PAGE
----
India's growing thirst for achieving the maximum in both nuclear and missile developments is creating a more reformed form of instability paradigm in the region. It’s deep and intense , poised to grow even more concentrated. The developments are mounting and vulnerabilities are increasing.
Besides, rapid increasing missile range, the additional incremental stockpile growth will cause perturbations in Asia, where India has ratchet upwards the advent of MIRVs with a specific focus on the cascading effect of strategic modernization in Asia. Where, MIRV is a type of intercontinental nuclear missile carrying several independent warheads capable of being aimed at independent targets from a group of multiple targets.
Subsequently, Modis government’s intent for this specific missile is to counter Chinese threat that doesn’t really exist. Modi’s keenness is to fulfill his pledge of overhauling the hegemonic designs, where he is missing that the country is almost jockeying for influence in Asia , their relationship is coloured by territorial disputes at both ends of Himalayas.
Now interestingly, India is downplaying by joining the Hague code of Conduct (HCoC) against Ballistic Missile proliferation in Vienna. This is an agreement under which legally non-binding confidence building and transparency measures are taken that seek to stop the proliferation of ballistic missiles capable of delivering weapons of mass destruction.
The Indian controversial position is lacking in reaffirming its commitment to HCoC, because as a signatory India has to provide a pre-launching notifications for its missile testing. Moreover, under this agreement, it also requires a pre-launch notification of space launched vehicles and tests flight.
The overt nuclearisation has been growing since 1974 Smiling Buddha. The only uniqueness for India is its increased number of missile and nuclear proliferation in the region which if seem through this lens of development is also a clear cornerstone of New Delhi's foreign policy.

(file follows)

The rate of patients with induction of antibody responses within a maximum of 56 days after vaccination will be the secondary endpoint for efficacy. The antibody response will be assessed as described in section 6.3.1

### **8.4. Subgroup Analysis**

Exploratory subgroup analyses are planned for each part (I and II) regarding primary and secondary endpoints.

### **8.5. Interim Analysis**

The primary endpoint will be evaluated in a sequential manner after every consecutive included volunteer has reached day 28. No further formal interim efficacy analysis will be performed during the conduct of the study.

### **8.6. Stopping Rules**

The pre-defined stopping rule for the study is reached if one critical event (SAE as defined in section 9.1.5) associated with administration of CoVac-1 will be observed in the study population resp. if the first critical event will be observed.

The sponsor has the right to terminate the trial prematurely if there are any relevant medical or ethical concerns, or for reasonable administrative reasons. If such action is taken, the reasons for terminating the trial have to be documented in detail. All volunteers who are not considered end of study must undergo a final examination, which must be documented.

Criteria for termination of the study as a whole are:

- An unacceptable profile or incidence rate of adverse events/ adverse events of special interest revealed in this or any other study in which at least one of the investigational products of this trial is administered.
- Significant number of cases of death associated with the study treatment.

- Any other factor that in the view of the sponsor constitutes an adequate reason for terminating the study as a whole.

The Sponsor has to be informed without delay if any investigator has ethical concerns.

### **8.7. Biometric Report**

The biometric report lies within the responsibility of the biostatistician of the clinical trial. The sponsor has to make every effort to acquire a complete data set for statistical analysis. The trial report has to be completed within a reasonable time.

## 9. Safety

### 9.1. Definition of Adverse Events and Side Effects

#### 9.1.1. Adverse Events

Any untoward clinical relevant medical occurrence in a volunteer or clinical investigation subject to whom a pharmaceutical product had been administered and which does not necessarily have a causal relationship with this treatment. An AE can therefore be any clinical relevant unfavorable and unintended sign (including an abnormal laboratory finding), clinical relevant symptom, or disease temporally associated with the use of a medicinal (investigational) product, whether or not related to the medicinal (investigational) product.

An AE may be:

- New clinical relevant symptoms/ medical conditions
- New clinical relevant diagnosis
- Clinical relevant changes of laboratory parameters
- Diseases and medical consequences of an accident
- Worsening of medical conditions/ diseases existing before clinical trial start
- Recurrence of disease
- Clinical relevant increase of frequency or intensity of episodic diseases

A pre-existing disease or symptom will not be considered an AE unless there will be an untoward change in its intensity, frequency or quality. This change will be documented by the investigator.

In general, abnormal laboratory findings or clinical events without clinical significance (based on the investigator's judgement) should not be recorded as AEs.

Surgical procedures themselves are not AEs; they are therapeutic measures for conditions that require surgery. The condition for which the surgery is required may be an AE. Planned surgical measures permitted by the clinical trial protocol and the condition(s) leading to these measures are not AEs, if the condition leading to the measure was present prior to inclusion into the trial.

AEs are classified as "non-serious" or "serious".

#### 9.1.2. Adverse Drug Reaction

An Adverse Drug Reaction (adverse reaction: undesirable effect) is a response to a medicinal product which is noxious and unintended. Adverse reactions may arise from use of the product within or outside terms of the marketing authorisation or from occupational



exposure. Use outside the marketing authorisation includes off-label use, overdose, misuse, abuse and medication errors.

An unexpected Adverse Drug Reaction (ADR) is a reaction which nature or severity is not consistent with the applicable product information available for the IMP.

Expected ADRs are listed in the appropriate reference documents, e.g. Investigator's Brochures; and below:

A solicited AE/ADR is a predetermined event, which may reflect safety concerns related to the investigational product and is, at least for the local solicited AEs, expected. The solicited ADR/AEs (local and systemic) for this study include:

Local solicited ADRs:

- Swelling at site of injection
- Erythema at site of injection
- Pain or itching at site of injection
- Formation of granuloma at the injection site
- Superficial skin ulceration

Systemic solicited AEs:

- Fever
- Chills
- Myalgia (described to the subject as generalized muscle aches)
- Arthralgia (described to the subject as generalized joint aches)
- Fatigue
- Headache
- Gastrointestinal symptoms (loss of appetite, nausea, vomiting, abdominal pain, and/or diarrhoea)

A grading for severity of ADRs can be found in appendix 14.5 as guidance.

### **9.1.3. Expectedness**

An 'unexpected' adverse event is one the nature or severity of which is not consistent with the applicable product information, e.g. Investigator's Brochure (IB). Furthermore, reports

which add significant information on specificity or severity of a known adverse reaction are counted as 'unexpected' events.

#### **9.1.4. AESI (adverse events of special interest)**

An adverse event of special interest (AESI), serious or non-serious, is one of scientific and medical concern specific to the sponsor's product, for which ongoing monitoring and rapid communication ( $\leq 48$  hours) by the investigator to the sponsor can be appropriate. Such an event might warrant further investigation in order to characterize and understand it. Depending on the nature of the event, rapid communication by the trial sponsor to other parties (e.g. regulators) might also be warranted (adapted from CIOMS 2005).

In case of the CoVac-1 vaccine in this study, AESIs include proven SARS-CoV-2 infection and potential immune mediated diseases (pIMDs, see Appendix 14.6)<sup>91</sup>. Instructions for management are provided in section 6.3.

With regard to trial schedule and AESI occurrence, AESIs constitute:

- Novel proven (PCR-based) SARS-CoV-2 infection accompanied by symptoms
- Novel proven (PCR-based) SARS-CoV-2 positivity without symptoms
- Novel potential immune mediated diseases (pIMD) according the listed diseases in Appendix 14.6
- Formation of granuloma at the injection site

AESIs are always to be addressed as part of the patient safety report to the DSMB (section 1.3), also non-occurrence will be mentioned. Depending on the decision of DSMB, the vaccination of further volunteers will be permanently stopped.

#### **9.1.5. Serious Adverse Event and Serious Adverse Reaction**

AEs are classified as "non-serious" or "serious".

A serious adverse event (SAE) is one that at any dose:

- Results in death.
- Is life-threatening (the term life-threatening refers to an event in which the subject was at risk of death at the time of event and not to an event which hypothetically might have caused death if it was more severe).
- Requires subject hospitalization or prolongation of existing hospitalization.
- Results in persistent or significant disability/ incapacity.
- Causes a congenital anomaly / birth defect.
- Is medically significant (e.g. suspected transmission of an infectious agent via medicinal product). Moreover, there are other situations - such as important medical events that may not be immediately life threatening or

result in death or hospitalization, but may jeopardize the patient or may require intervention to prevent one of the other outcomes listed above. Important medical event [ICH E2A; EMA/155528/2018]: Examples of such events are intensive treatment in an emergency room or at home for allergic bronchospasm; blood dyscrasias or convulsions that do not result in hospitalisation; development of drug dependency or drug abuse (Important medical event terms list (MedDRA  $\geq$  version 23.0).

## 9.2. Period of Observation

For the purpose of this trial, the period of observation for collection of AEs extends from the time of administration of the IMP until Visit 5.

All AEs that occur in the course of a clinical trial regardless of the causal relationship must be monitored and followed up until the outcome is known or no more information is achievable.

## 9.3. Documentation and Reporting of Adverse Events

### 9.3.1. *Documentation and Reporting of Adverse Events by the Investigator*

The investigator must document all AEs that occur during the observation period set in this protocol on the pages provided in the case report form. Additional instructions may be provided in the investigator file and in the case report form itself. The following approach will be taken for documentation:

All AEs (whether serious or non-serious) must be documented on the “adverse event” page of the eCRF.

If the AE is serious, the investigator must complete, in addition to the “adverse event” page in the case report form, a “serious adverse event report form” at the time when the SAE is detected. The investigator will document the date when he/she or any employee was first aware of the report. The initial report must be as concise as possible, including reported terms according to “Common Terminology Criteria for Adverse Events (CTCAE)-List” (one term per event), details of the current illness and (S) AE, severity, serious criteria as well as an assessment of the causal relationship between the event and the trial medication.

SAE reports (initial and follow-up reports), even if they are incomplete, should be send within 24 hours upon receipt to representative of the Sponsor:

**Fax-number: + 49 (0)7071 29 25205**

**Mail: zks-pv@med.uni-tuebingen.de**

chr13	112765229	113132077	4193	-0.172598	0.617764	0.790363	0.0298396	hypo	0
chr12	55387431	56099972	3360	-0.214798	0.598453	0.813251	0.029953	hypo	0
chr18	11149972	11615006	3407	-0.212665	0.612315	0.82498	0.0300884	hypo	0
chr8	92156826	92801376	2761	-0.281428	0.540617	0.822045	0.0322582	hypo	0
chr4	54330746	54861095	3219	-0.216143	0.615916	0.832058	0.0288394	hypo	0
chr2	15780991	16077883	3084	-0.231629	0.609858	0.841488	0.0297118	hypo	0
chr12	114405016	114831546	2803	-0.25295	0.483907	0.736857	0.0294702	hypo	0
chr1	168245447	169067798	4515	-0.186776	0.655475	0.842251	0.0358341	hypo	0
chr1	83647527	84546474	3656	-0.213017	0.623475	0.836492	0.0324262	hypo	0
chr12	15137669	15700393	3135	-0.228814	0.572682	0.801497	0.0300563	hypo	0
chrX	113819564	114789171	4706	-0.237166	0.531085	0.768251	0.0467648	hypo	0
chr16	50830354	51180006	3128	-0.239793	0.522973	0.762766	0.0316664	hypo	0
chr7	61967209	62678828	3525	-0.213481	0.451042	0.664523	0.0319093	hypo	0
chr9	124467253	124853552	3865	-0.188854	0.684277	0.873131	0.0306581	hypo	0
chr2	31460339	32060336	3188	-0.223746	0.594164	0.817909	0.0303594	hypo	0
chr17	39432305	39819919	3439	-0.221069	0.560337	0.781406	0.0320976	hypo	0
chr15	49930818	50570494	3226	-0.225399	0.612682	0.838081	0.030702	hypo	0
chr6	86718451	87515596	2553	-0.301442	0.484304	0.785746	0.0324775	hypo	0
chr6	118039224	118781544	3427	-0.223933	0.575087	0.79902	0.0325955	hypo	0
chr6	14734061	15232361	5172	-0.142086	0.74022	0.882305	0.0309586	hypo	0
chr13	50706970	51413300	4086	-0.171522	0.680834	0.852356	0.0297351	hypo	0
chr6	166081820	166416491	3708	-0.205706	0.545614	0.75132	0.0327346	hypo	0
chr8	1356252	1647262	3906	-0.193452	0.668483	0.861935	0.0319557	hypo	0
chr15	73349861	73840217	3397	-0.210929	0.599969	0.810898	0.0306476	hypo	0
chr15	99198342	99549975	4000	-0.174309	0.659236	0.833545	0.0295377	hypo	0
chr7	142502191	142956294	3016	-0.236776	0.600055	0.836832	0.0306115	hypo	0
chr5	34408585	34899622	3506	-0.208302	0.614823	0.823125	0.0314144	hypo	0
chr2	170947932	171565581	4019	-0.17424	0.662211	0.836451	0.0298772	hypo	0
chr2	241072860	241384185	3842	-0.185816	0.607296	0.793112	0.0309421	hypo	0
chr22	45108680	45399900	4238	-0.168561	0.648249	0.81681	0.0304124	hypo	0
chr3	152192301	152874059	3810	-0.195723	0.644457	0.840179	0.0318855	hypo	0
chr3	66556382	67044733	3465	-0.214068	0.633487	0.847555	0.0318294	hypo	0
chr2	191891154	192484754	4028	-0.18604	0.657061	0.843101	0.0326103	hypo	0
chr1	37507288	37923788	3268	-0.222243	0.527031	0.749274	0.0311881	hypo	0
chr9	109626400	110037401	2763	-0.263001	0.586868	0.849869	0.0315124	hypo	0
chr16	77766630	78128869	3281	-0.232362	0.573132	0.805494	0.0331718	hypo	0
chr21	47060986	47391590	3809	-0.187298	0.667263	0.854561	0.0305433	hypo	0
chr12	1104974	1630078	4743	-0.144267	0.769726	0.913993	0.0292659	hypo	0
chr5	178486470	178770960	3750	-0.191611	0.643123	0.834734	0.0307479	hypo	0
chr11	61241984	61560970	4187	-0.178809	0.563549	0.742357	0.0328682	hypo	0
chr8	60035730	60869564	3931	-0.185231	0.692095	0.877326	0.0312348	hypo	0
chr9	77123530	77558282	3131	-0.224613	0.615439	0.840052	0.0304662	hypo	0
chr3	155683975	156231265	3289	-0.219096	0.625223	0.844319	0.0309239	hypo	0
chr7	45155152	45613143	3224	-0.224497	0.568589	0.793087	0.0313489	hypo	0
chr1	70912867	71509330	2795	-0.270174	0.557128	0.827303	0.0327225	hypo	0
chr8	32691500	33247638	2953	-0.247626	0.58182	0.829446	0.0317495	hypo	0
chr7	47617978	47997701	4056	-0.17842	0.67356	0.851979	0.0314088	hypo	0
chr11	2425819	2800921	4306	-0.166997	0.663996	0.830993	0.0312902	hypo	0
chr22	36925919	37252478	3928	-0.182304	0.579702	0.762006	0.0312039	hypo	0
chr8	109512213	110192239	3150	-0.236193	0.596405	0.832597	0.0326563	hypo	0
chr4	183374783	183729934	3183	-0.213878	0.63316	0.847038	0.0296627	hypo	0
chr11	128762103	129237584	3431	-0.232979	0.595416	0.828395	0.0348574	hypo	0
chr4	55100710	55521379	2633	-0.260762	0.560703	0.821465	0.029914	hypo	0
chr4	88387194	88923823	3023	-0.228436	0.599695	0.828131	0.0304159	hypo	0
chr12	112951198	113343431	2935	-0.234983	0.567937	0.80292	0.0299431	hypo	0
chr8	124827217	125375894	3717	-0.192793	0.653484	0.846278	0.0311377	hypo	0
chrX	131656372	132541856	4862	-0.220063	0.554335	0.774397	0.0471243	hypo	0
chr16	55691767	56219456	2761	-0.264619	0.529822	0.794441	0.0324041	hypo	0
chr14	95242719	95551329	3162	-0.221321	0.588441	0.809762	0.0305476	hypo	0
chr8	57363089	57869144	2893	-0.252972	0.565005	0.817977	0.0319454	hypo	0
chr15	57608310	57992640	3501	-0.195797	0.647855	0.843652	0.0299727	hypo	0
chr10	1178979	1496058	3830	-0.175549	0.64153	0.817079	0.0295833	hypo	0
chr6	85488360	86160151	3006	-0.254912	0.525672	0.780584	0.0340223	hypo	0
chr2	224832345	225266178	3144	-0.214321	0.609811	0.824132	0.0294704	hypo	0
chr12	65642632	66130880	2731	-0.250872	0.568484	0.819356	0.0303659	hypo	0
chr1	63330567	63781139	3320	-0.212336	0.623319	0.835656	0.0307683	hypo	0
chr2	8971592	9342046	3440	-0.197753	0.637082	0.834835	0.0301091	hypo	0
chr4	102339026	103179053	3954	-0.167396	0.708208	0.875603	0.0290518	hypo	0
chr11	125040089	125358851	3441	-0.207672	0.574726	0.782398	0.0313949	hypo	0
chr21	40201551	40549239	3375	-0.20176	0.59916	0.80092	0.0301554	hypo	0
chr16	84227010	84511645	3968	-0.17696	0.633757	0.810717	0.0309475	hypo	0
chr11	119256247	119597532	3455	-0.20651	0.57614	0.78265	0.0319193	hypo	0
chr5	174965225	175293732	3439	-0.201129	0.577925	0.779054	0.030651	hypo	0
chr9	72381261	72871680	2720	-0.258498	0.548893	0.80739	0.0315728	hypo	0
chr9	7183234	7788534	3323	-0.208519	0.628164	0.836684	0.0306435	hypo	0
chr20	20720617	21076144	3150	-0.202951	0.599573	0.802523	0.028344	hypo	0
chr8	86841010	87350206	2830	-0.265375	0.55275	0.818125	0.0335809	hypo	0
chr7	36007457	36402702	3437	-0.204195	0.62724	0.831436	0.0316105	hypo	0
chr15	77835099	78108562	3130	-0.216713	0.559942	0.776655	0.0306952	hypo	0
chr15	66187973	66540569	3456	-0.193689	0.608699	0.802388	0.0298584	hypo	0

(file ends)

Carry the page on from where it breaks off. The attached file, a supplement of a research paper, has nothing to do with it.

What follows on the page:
The basic decision to weaponise the region with Agni started in 1996-97, where the technical demonstration was taken three times with a range of 25,00Km testing it for three times in May 1998. Importantly, China is also referring to Resolution 1172 passed by United Nation Security Council. Where Paragraph 7 of the resolution says the UNSC
“Calls upon India and Pakistan immediately to stop their nuclear weapon development programmes, to refrain from weaponisation or from the deployment of nuclear weapons, to cease development of ballistic missiles capable of delivering nuclear weapons and any further production of fissile material for nuclear weapons, to confirm their policies not to export equipment, materials or technology that could contribute to weapons of mass destruction or missiles capable of delivering them and to undertake appropriate commitments in that regard;”
There exists no room for any doubt that India being a regional hegemon has always acted as a novice in creating linkages between its civilian nuclear and space advances, and its nuclear weapon and missile programs. Similarly, there is a need to stop the dual-use technology mentioned under the Indo-U.S. defense framework and joint statement that has the potential to further assist India in strengthening its regional competitiveness and boost its scientific and international prestige with its ongoing pursuit of advances in nuclear weapons technology, longer range ballistic missiles, and submarine-launched ballistic missiles.
Finally, it is need of the hour to stop pitting India against China. Because, in doing this the United States unknowingly may set up India to, instead, serve as a future strategic counterweight to U.S. interests in Asia and abroad keeping in mind the extended version of Agni V tested at the year end.